By Jan Pease
Are you a fan of the T.V. show “Jeopardy?” My work schedule allows me to occasionally watch an episode. Over a period of some weeks, every time I tuned in, the same gentleman was playing, winning more and more money. Professional gambler James Holzauer had a winning streak that looked like it would never end. He won 32 games, winning $2,462,216. In an article by Karen Springen for Publisher’s Weekly, April 30 2019, Holzauer credits nonfiction children’s books from the libraries in various cities he’s lived in for the vast amount of information he knows. His main problem was that many libraries, including Seattle, don’t allow adults in their children’s sections without a child. He used holds to get the books he needed, rather than being a creepy man hanging out in the children’s section. Ms. Springen quoted his statement in the New York Times that the library’s children’s section is the place to go for books “tailored to make things interesting for uninterested readers.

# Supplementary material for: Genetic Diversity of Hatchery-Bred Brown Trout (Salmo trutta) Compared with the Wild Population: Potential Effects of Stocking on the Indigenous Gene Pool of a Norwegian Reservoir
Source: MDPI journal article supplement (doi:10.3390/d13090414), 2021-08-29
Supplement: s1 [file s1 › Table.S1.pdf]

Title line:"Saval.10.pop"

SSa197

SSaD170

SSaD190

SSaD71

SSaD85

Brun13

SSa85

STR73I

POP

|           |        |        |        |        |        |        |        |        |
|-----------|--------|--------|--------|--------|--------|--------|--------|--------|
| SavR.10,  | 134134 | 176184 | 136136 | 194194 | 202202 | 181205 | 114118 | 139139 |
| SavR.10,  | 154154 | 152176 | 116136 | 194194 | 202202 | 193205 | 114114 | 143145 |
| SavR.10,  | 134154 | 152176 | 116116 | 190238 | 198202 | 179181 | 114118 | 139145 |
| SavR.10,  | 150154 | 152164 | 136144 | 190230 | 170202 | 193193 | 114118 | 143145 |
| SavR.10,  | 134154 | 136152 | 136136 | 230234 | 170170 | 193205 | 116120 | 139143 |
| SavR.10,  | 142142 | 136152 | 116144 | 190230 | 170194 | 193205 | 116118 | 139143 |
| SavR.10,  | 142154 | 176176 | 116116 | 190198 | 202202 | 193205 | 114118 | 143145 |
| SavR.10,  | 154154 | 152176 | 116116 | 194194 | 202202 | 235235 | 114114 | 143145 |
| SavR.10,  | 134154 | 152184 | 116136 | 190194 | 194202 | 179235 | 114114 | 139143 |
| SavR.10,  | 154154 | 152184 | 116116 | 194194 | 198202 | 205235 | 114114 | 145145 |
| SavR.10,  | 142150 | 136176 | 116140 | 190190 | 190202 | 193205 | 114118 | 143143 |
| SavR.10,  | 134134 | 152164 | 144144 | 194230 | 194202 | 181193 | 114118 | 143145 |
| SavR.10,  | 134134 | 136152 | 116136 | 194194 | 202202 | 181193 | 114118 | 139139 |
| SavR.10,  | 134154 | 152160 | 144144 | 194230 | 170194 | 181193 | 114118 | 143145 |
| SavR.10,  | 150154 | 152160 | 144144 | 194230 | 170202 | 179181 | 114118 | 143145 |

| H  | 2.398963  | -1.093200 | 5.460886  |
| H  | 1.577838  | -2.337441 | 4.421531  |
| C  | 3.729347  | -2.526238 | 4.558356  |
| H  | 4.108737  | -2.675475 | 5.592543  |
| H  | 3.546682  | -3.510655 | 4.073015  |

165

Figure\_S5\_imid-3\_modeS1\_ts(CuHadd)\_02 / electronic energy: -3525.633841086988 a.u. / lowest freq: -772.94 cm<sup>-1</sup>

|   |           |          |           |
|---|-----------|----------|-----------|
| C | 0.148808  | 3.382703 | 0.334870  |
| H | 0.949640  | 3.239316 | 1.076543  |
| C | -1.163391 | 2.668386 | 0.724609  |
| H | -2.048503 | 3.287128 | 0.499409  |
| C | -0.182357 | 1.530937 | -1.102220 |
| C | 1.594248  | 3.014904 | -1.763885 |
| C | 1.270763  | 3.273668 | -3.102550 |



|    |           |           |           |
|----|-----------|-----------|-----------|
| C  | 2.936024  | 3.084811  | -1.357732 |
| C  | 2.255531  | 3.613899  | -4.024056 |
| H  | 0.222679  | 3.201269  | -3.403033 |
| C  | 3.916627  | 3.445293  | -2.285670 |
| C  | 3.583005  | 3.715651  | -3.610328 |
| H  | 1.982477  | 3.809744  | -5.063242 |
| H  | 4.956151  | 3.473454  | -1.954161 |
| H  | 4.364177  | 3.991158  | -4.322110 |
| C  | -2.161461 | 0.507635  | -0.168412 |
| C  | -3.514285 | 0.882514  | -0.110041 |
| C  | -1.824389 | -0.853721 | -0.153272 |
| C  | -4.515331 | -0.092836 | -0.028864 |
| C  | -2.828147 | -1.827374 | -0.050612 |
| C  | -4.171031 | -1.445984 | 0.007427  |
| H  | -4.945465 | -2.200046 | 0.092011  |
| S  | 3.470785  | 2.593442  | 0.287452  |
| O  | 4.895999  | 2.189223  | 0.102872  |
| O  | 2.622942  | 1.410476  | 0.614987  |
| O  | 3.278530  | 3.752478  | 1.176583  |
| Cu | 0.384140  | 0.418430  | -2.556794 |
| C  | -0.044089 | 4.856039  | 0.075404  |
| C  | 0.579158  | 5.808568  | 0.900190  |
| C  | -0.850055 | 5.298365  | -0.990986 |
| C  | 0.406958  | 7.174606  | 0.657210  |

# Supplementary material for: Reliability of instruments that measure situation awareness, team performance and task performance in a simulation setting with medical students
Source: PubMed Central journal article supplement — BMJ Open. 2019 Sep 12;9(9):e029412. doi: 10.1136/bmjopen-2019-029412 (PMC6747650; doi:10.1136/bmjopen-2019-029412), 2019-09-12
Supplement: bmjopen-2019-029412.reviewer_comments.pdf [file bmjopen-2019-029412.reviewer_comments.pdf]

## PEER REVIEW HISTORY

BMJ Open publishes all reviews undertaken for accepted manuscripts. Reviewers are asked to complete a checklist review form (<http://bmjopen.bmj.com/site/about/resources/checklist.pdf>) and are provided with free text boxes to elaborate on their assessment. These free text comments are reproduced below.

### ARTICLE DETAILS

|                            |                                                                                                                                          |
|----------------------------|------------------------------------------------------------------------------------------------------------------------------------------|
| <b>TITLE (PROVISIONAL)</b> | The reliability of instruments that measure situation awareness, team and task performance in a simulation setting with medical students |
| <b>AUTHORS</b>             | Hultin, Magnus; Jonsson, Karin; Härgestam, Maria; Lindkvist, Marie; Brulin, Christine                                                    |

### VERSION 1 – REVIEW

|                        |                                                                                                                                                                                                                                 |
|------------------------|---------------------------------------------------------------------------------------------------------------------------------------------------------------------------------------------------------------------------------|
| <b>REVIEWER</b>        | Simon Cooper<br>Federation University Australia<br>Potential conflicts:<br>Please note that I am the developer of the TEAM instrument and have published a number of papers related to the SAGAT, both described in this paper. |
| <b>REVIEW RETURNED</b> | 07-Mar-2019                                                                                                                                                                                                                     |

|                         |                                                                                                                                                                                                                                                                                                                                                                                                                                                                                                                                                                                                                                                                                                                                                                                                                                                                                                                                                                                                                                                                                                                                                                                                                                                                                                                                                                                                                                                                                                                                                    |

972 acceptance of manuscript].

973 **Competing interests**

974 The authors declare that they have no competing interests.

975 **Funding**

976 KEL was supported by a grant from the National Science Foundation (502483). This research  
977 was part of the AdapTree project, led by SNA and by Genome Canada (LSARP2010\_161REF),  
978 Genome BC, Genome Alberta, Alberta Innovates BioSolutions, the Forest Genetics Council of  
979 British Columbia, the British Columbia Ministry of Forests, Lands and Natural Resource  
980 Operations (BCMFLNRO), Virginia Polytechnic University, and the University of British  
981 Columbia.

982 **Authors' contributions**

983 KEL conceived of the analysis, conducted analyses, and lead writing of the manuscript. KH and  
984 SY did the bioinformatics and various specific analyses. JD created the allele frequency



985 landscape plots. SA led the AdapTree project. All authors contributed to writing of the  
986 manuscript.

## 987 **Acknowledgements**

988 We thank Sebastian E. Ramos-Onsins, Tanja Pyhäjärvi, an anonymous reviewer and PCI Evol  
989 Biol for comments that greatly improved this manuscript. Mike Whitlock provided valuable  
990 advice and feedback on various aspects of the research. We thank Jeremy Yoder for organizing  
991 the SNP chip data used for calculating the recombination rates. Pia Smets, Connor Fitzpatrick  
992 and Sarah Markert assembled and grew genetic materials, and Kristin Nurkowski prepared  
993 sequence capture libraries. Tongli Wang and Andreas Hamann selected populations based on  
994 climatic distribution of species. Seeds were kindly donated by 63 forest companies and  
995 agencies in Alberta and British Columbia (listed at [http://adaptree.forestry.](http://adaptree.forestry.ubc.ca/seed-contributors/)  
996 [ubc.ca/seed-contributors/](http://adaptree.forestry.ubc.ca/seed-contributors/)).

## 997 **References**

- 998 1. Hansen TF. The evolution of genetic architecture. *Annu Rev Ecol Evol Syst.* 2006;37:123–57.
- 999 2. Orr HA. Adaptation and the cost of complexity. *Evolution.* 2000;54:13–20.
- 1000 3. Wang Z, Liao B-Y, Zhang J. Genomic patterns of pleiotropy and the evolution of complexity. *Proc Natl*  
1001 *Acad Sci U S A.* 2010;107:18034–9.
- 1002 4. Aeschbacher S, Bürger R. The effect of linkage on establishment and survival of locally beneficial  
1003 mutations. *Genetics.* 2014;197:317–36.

What does this have to do with anything? Well, I happen to love children’s nonfiction books. I just recommended “Killer Style: How Fashion Has Injured, Maimed, and Murdered throughout History,” by Alison Matthews David, to a reader who doesn’t always read nonfiction. A gruesomely attractive cover helps draw attention to this interesting read, which got a five-star review at Amazon.com.
Dan Gutman is known for his hilarious writing in the “My Weird School” series has turned his talents to helping young readers read critically. His book, “My Weird Reading Tips,” will help young readers know how to understand concepts like point of view or whether a statement is fact or opinion. Of course, since it’s by Dan Gutman, “My Weird Reading Tips” is also very funny.
Mr. Holzauer’s reign of “Jeopardy” ended when Emma Boettcher, a librarian at the University of Chicago, defeated him. She used his strategy of being quick on the buzzer, choosing higher categories categories first, and intentionally searching for “Double Jeopardy” questions. She also holds a vast amount of knowledge in her wonderful librarian brain. I wonder if Ms. Boettcher reads children’s nonfiction books! See you at the library!